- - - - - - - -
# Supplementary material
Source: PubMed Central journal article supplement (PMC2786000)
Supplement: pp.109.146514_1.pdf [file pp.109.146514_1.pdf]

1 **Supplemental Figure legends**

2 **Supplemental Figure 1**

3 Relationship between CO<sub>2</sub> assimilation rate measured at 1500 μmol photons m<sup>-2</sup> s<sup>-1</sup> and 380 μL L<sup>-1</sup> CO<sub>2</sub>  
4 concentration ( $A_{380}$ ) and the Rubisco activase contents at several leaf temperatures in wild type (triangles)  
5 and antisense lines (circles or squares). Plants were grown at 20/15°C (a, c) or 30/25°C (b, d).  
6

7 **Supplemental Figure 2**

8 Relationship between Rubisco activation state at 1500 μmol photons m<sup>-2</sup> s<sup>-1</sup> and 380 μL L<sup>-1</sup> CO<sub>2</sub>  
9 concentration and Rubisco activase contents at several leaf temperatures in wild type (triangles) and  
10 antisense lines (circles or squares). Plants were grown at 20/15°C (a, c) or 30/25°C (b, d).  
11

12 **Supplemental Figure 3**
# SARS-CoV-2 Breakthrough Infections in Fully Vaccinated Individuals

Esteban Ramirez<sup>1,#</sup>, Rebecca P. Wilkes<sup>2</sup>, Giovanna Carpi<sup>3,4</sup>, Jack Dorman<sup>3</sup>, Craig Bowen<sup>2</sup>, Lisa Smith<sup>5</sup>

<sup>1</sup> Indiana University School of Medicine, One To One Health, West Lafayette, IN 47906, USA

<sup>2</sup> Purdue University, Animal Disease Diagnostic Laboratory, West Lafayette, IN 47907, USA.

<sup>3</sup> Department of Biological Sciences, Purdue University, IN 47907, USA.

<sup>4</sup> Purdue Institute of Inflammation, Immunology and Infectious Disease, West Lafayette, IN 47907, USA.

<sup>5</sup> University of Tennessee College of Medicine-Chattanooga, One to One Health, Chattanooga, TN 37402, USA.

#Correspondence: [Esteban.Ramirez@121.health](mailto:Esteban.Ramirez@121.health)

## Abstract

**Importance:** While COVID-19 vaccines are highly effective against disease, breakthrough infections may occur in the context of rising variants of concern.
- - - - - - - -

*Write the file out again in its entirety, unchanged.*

# Supplementary material
Source: PubMed Central journal article supplement (PMC2786000)
Supplement: pp.109.146514_1.pdf [file pp.109.146514_1.pdf]

1 **Supplemental Figure legends**

2 **Supplemental Figure 1**

3 Relationship between CO<sub>2</sub> assimilation rate measured at 1500 μmol photons m<sup>-2</sup> s<sup>-1</sup> and 380 μL L<sup>-1</sup> CO<sub>2</sub>  
4 concentration ( $A_{380}$ ) and the Rubisco activase contents at several leaf temperatures in wild type (triangles)  
5 and antisense lines (circles or squares). Plants were grown at 20/15°C (a, c) or 30/25°C (b, d).  
6

7 **Supplemental Figure 2**

8 Relationship between Rubisco activation state at 1500 μmol photons m<sup>-2</sup> s<sup>-1</sup> and 380 μL L<sup>-1</sup> CO<sub>2</sub>  
9 concentration and Rubisco activase contents at several leaf temperatures in wild type (triangles) and  
10 antisense lines (circles or squares). Plants were grown at 20/15°C (a, c) or 30/25°C (b, d).  
11

12 **Supplemental Figure 3**
# SARS-CoV-2 Breakthrough Infections in Fully Vaccinated Individuals

Esteban Ramirez<sup>1,#</sup>, Rebecca P. Wilkes<sup>2</sup>, Giovanna Carpi<sup>3,4</sup>, Jack Dorman<sup>3</sup>, Craig Bowen<sup>2</sup>, Lisa Smith<sup>5</sup>

<sup>1</sup> Indiana University School of Medicine, One To One Health, West Lafayette, IN 47906, USA

<sup>2</sup> Purdue University, Animal Disease Diagnostic Laboratory, West Lafayette, IN 47907, USA.

<sup>3</sup> Department of Biological Sciences, Purdue University, IN 47907, USA.

<sup>4</sup> Purdue Institute of Inflammation, Immunology and Infectious Disease, West Lafayette, IN 47907, USA.

<sup>5</sup> University of Tennessee College of Medicine-Chattanooga, One to One Health, Chattanooga, TN 37402, USA.

#Correspondence: [Esteban.Ramirez@121.health](mailto:Esteban.Ramirez@121.health)

## Abstract

**Importance:** While COVID-19 vaccines are highly effective against disease, breakthrough infections may occur in the context of rising variants of concern.